During this same era, an American, Washington Irving started to propagate the idea that there was opposition to Columbus’ voyage from flat-earthers. He wrote “History of the Life and Voyages of Christopher Columbus (1828) as a romantic fiction loosely based on history. Readers picked up on the idea of flat-eathers opposing Columbus, and suddenly the idea was accepted as fact by millions of people, even to the place where it found it’s way into history textbooks.
In the last hundred years, numerous articles and papers have been written to try and set the record straight, including Russell’s book Inventing the Flat Earth. However, progress has been slow, and as Russell points out, there are some lessons we can learn from the continual propagation of this myth.
Russell’s LessonsFirst, too few scholars work with primary sources. By filling their biographies and footnotes with quotes from other ‘experts and sources’ rather than primary sources the errors of other writers are repeated and propagated. This is the reason you will find Nabataea.net filled with references to the classical writers and other ancient historians, and only sparse reference to modern historians. Primary sources are vitally important, and interpretations of those sources must be regarded with care, (even the interpretations that we arrive at here at Nabataea.net.)
Second, scholars are often led by their biases, more than by the actual evidence. This is a problem that we have faced again and again on this site. Once we approached a naval historian and asked about the ancient account of Nabataeans sinking Cleopatra’s navy. We asked: “Was this a naval engagement?” The answer was, “Of course not. The Nabataeans never had a navy, so Cleopatra’s boats must have been attacked from the land.” The naval historian was simply supplying his opinion, based on his biases, rather than examining primary sources and discovering that the Nabataeans had boats, engaged the Egyptians on the Red Sea in at least one recorded sea battle, and that their ships collected incense from an island off the coast of southern Arabia and transported it north to Nabataea. The facts demonstrate that the Nabataeans had boats and knowledge of the sea, but popular bias still insists that the Nabataeans were camel drivers, not seamen.
Third, Russell points out that sociological, and cultural factors need to be recognized in scholarly work and scholars must beware of making value-judgments based on today’s norms. This is another problem that we have faced again and again here at Nabataea.net. Some of our researchers have spent more than 20 years in the Middle East, researching sociology, as well as history. Their interpretations of Nabataean history, culture, and religion differ significantly with many academic experts, who spend six weeks every two years supervising a dig in the Middle East, before returning to their teaching positions in western universities.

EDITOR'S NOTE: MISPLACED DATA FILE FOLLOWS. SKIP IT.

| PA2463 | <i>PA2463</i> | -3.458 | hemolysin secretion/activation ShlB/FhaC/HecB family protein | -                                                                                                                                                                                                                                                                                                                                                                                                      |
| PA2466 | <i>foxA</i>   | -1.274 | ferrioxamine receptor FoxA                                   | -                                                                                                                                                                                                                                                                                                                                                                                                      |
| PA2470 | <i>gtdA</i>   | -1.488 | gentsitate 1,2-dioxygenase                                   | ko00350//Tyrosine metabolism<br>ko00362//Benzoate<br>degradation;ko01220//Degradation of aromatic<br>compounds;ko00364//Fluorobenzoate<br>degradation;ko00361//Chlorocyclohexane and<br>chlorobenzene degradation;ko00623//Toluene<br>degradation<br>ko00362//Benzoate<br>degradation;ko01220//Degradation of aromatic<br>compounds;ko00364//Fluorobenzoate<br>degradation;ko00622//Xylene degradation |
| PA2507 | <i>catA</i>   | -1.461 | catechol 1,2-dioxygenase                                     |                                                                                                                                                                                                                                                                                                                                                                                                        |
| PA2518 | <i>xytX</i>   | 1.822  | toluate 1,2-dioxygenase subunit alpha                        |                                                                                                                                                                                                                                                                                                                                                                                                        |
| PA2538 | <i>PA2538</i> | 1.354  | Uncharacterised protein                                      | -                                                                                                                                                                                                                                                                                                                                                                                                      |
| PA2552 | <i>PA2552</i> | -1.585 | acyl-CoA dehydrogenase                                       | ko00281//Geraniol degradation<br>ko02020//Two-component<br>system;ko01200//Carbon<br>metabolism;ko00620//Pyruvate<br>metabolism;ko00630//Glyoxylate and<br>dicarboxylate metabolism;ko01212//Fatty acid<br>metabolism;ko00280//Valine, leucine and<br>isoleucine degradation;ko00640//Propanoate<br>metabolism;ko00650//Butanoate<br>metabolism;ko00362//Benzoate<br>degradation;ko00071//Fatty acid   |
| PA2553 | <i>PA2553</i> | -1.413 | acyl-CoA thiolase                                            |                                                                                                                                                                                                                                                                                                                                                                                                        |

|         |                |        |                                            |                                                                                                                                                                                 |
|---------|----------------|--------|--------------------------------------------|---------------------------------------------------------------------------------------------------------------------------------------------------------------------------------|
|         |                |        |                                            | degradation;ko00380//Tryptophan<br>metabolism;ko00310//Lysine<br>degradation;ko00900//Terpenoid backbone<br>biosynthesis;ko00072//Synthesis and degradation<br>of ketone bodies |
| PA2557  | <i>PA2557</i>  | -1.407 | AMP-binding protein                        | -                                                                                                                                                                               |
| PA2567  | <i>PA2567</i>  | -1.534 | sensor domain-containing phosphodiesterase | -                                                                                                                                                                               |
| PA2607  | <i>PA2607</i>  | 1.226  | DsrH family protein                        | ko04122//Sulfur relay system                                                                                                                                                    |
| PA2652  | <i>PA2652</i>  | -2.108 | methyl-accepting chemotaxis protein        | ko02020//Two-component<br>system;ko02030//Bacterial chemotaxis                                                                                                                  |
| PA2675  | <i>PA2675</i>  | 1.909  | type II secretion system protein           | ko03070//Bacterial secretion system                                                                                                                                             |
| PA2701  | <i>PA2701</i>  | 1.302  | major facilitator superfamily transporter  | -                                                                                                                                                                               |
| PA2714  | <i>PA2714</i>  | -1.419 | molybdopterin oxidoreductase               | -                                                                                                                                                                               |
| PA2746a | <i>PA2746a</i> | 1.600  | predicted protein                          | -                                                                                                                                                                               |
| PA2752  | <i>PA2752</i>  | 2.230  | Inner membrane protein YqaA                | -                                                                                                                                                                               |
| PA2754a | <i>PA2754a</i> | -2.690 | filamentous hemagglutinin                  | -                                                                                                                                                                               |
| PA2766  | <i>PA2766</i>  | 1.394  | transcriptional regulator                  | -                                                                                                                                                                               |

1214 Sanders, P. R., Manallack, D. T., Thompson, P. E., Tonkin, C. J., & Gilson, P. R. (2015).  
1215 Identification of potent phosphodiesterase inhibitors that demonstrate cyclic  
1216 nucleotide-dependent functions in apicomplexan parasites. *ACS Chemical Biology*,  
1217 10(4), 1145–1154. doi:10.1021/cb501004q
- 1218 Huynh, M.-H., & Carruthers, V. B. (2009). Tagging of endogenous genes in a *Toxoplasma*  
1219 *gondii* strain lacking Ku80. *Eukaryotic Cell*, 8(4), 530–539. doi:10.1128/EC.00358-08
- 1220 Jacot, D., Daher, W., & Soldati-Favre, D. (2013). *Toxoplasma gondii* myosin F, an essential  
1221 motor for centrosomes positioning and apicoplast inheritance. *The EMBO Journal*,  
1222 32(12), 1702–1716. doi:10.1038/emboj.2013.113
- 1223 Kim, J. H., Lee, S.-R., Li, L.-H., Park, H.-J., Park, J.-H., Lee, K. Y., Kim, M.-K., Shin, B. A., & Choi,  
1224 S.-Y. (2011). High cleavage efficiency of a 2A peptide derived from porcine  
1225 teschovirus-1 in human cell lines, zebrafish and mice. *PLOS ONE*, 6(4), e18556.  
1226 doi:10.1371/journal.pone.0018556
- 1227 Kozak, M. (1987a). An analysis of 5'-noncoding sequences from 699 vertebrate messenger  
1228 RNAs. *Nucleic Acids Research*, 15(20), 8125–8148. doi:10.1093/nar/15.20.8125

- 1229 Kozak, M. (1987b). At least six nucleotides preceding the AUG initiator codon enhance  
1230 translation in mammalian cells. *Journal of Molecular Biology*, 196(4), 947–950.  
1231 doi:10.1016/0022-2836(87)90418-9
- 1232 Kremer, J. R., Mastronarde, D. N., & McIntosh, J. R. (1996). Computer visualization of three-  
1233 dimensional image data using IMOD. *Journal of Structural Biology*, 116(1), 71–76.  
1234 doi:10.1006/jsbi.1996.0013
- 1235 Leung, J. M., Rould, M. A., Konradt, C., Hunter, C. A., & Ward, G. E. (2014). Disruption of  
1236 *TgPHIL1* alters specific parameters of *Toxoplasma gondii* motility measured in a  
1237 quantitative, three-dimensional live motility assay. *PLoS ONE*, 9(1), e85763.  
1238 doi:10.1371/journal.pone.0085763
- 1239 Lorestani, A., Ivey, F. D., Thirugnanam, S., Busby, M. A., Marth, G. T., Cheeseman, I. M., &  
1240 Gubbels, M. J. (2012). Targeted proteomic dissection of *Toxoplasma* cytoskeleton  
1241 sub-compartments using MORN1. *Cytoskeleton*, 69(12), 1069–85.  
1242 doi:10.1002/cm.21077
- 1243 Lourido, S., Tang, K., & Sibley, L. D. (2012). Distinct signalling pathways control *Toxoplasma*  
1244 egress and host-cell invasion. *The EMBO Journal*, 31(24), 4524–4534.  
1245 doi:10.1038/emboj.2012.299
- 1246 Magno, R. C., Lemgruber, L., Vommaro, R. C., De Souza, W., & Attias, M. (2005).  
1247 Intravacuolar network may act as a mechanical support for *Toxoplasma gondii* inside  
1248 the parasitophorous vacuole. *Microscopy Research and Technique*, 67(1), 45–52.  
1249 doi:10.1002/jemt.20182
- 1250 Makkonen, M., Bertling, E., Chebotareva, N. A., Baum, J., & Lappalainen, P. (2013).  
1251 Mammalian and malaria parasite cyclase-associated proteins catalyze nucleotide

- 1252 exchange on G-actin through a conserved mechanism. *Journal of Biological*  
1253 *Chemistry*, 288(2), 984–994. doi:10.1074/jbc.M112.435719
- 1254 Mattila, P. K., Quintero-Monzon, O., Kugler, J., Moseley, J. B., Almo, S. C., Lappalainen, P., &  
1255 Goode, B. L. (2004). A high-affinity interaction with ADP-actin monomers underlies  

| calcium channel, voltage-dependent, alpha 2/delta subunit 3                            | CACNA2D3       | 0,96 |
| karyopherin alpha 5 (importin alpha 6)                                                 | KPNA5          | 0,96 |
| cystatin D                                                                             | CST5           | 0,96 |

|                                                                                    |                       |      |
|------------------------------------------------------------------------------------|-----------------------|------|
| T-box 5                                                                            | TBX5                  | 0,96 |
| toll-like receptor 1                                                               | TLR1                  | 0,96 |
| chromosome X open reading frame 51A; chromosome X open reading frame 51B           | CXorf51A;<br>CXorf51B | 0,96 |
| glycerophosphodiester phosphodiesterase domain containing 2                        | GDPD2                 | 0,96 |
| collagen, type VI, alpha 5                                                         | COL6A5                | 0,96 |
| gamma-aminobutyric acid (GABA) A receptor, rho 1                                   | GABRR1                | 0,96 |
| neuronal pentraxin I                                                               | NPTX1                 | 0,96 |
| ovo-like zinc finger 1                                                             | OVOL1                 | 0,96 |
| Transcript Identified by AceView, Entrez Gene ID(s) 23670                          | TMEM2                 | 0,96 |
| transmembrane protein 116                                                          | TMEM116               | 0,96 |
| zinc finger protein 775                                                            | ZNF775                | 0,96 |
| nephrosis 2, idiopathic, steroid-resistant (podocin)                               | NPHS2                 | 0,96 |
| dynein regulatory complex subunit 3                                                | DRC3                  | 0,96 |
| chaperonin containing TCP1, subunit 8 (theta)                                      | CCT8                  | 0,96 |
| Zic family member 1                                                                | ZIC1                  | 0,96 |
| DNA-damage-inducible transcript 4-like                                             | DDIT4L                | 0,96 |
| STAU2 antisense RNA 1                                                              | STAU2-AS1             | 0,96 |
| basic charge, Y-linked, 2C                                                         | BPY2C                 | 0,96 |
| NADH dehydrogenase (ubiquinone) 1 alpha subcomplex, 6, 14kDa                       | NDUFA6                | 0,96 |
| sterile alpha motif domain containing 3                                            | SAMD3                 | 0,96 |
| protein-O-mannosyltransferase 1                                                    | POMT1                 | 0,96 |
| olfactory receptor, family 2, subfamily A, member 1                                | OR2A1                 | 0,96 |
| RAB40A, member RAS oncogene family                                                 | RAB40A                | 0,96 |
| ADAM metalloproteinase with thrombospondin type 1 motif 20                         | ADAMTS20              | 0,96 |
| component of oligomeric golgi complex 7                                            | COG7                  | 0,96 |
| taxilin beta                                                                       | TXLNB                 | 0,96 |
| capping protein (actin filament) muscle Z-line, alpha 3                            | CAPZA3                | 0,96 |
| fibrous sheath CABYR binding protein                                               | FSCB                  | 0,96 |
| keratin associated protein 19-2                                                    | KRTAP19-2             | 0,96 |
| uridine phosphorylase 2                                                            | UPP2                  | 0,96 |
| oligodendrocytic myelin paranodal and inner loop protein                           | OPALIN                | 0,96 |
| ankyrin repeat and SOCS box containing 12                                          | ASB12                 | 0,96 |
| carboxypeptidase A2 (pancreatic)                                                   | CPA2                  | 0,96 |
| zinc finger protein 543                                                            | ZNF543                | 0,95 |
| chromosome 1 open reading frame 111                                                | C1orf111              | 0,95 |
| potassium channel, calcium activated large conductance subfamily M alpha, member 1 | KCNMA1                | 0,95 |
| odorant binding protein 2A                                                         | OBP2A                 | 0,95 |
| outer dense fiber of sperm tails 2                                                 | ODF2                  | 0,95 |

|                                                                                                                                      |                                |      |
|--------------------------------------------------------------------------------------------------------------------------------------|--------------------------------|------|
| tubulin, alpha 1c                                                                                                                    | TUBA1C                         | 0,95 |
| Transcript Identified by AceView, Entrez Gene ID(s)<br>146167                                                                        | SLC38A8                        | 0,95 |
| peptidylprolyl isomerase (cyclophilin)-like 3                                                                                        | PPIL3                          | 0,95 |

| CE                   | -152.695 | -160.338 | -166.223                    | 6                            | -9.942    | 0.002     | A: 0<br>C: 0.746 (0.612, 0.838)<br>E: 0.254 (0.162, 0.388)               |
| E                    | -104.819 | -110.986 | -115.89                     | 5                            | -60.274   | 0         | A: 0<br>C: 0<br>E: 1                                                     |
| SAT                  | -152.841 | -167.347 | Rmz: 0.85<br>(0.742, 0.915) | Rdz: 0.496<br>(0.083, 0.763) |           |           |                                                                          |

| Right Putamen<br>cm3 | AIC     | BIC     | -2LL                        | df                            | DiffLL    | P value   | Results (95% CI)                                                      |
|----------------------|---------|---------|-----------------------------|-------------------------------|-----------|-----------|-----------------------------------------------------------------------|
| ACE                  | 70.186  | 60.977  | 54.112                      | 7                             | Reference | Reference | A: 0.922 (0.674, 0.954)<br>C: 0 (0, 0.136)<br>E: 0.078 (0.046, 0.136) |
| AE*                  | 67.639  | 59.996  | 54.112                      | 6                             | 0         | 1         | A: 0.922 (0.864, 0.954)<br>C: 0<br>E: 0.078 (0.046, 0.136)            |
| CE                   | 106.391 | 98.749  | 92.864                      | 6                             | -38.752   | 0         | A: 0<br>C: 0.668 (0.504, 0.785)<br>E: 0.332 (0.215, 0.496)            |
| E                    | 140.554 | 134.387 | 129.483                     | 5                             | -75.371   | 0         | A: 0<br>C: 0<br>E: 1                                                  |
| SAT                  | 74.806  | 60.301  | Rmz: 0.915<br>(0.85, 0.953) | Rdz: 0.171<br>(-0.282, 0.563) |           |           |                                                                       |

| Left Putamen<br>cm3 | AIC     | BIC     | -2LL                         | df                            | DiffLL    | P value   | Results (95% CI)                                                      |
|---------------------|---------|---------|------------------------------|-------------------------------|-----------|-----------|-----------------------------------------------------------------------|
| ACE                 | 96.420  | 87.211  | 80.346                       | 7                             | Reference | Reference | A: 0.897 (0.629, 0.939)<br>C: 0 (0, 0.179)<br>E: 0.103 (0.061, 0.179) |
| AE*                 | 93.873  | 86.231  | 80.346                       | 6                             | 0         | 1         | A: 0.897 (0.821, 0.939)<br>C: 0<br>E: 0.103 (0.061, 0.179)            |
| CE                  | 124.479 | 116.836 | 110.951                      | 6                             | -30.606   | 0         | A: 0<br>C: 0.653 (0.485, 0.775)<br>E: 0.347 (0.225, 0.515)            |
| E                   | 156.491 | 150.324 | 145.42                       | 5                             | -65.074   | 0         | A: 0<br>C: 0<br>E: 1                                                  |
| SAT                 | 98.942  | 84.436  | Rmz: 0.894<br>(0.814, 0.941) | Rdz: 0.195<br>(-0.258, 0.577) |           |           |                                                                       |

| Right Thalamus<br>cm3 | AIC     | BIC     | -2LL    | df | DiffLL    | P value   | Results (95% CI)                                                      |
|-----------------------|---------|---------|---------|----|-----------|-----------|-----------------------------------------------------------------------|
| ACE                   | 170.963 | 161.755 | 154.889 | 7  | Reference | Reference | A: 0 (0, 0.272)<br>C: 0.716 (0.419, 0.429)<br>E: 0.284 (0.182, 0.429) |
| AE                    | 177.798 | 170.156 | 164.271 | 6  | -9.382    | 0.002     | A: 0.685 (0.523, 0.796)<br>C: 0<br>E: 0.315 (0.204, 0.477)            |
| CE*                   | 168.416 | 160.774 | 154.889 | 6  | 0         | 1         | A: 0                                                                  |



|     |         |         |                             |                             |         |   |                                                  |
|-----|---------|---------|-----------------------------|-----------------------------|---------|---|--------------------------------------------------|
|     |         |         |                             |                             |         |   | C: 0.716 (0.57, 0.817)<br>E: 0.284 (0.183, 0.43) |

Fourth, some scholars have carried personal convictions about cultural superiority into their work. This has led them to undervalue the past and to erroneously attribute certain values and beliefs to those convictions. In the case of the Flat Error, as Russell calls it, there has been a conviction that the medieval period was a dark age, and that scholarship was at a low ebb and that suppression prevailed. Personal convictions and cultural superiority have also been a problem in researching and writing about Nabataeans. When one suggests that the Nabataeans sailed to India and China, eyebrows are raised. When one suggests that they visited the shores of South America, chuckles break out, and one hears comments about spending too much time in the sun. Rather than examining the evidence, such suggestions are dismissed as wild theories that should be dismissed without serious consideration.
Russell’s fifth point, is that cultural myths have a life of their own and they can reinforce each other. The Flat Earth Myth has been entangled with other erroneous ideas, such as the Dark Age, and the opposition of religion to science and so on. This may conceal a deeper agenda. Russell suggests that advocates of the Flat Error may be struggling with fears far worse than the fear of falling off the edge of the earth. They need to believe in progress in order to give meaning to life. They need to believe that our generation is superior to those that have gone before. Facing up to the implication arising from the Flat Error, or Nabataeans in America comes as an enormous cultural shock to these people. Perhaps the ancients weren’t so dumb after all. Perhaps they traveled widely, understood a great deal about science, and in some areas were more advanced than ourselves.
If you are interested in learning more, check out Russell’s book, Inventing the Flat Earth. It’s worth reading. And his five lessons are worth consideration.
Russell, J. B., Inventing the Flat Earth, Praeger Publishers, Westpark, Connecticut, 1991
Tyler, David, The Scandalous Flat Earth Myth, Origins Magazine, No. 31, Rugby, Warwicks, UK, July 2001